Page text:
Sometime in the 70s, they moved downstream two miles to another stand of sycamores along the creek between our irrigated pastures and closer to the recently abandoned gravel pits below Terminus Dam and Lake Kaweah. At that time, the Great Egrets began to appear on the ranch, but maintained their rookery elsewhere.
The Great Blues moved again in the mid-2000s to somewhere within the abandoned gravel pit area, about 100 acres of thick riparian at the confluence of Dry Creek and the Kaweah River, a ‘no-man’s land’ and home to deer and feral pigs, diverse raptors including Osprey, among other things.
I have encountered the heron above two or three times a week along the shore of our irrigation pond since spring. The comfortable space between us has decreased to about 100 yards now, down from 400 when our irrigating began. Whether thinking it was hidden in the cattails or getting used to me, this photograph with my Olympus point & shoot was closer longer.
Early morning gather,
we occupy the foreground
close to corrals, the road,
a truck—short April grass.
Sort cows from calves—
weigh, wean and load
for fifty years since
they dammed the Kaweah
with another layer of man
we no longer notice
as we adapt like livestock
to the landscape.
The past two dry years have been tough on the Great Blue Herons here, resorting to year-round rodent hunting to sustain themselves. With a measureable flow for only 18 days this year, absorbed before it made it to the Kaweah River, Dry Creek peaked at 9 cfs on April 3rd, compared to the 2010-11 season when Dry Creek ran until September 4, 2011. It’s too late for the chance of showers (and thunderstorms) today and tonight to help our feed or the herons much other than settle the dust and temporarily change the smell of things with only 5.67” of rain since October 2013. Those are the numbers, but one look at our April feed conditions says it all.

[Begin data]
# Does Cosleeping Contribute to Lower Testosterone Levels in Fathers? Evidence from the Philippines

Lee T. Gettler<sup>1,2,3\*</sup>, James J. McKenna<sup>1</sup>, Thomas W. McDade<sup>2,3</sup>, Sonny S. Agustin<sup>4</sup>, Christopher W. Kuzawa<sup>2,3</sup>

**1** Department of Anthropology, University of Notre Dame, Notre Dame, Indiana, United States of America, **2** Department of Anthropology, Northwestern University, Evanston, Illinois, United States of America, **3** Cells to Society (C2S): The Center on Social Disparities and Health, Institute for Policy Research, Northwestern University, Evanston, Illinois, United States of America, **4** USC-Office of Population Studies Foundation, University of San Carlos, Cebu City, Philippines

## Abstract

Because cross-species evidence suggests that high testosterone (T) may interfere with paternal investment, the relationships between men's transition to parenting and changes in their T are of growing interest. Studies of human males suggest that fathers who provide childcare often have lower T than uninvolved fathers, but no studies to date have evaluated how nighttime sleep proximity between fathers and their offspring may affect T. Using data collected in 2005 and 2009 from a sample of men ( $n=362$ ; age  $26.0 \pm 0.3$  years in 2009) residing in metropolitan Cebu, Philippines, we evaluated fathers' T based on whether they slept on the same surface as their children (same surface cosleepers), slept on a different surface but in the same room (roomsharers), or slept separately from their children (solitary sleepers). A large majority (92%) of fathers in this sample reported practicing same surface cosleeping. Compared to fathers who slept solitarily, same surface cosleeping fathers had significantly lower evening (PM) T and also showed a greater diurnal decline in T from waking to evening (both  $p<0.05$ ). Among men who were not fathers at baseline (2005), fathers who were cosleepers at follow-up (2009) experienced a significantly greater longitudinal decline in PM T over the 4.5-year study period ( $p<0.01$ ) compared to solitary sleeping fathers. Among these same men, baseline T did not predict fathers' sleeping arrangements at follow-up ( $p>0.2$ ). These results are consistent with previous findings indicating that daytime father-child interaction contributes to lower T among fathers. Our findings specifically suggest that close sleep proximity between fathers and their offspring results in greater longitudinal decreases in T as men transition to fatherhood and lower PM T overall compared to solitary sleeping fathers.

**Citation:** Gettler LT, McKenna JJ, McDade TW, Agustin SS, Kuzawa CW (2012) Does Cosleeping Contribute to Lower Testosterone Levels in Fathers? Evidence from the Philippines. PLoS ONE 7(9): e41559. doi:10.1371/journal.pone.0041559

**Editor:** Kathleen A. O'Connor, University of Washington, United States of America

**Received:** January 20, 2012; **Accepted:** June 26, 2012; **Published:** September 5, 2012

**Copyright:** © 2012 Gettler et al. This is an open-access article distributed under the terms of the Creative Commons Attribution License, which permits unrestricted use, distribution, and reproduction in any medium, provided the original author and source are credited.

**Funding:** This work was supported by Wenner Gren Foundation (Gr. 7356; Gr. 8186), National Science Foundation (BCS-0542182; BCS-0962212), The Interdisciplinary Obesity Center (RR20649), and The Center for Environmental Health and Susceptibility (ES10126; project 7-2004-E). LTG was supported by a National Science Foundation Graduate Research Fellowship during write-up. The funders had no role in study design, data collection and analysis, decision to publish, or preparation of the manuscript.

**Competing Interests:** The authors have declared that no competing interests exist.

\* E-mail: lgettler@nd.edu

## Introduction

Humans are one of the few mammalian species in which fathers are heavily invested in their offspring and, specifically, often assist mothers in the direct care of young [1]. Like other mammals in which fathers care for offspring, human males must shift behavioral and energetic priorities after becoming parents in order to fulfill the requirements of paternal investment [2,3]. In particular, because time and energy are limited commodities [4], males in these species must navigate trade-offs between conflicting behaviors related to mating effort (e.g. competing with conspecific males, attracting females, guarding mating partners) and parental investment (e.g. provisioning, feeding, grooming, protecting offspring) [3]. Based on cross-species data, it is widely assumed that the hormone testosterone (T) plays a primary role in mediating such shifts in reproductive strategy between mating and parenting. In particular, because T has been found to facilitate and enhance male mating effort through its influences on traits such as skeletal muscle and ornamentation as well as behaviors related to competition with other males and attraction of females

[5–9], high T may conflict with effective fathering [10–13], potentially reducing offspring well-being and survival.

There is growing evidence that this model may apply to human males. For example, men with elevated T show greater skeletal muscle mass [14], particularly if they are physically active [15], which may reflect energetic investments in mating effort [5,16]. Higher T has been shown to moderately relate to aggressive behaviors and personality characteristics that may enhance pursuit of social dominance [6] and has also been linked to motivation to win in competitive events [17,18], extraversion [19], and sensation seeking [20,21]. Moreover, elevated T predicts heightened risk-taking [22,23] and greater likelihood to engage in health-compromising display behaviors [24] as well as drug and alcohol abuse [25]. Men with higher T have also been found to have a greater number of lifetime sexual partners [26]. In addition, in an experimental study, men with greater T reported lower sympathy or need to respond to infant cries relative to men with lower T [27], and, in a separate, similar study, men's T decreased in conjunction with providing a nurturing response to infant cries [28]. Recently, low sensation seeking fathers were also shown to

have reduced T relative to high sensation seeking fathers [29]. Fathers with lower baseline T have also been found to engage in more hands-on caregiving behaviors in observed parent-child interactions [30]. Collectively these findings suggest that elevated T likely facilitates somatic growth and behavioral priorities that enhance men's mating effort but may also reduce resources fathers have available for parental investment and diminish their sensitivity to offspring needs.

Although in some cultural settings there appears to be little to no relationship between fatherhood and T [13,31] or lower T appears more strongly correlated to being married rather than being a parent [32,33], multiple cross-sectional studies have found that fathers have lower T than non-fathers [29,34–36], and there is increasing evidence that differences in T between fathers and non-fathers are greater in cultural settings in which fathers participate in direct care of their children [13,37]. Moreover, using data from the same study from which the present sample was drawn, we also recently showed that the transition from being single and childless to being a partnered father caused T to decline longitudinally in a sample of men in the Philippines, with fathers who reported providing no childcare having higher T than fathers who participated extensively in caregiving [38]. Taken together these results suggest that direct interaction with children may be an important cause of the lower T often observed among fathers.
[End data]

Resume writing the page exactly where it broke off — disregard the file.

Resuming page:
An image branded in my brain during the devastating Drought of 1977 is that of a Great Blue Heron fishing from the concrete bank of the Friant-Kern Canal near Exeter that gave me hope, that demonstrated their adaptability to me. No wonder they have become our totems—now if we can just take their lead.
This is the story of the last assembly of the old-time bird and animal people. After the meeting at Wuknaw, they went to live as we see them today.
When the bird and animal people had all gone to their new places, Tro’-khud, the Eagle, and Wee-hay’-sit, the Mountain Lion, went in a Tule house to talk about Mi’-eh, the new kind of people they were ready to make.
“How are we going to make these new people?” asked Wee-hay’-sit.
“I have a plan. I believe I can do it,” answered Tro’-khud.
Then Tro’-khud began. He took some dirt from the floor of the house and made a shape like the Indians are today, except that he made paws like Ki’-yoo’s, the Coyote, for hands and feet.
When Tro’-khud had finished making the dirt man it was almost night. He said, “Now we must set fire to the house.” Wee-hay’-sit took a brand from the fireplace in the house and set fire to the tules.
The house blazed high and made a dark smoke. As this smoke rose to the sky it began to rain. Tro’-khud and Wee-hay’-sit sought shelter under an overhanging rock.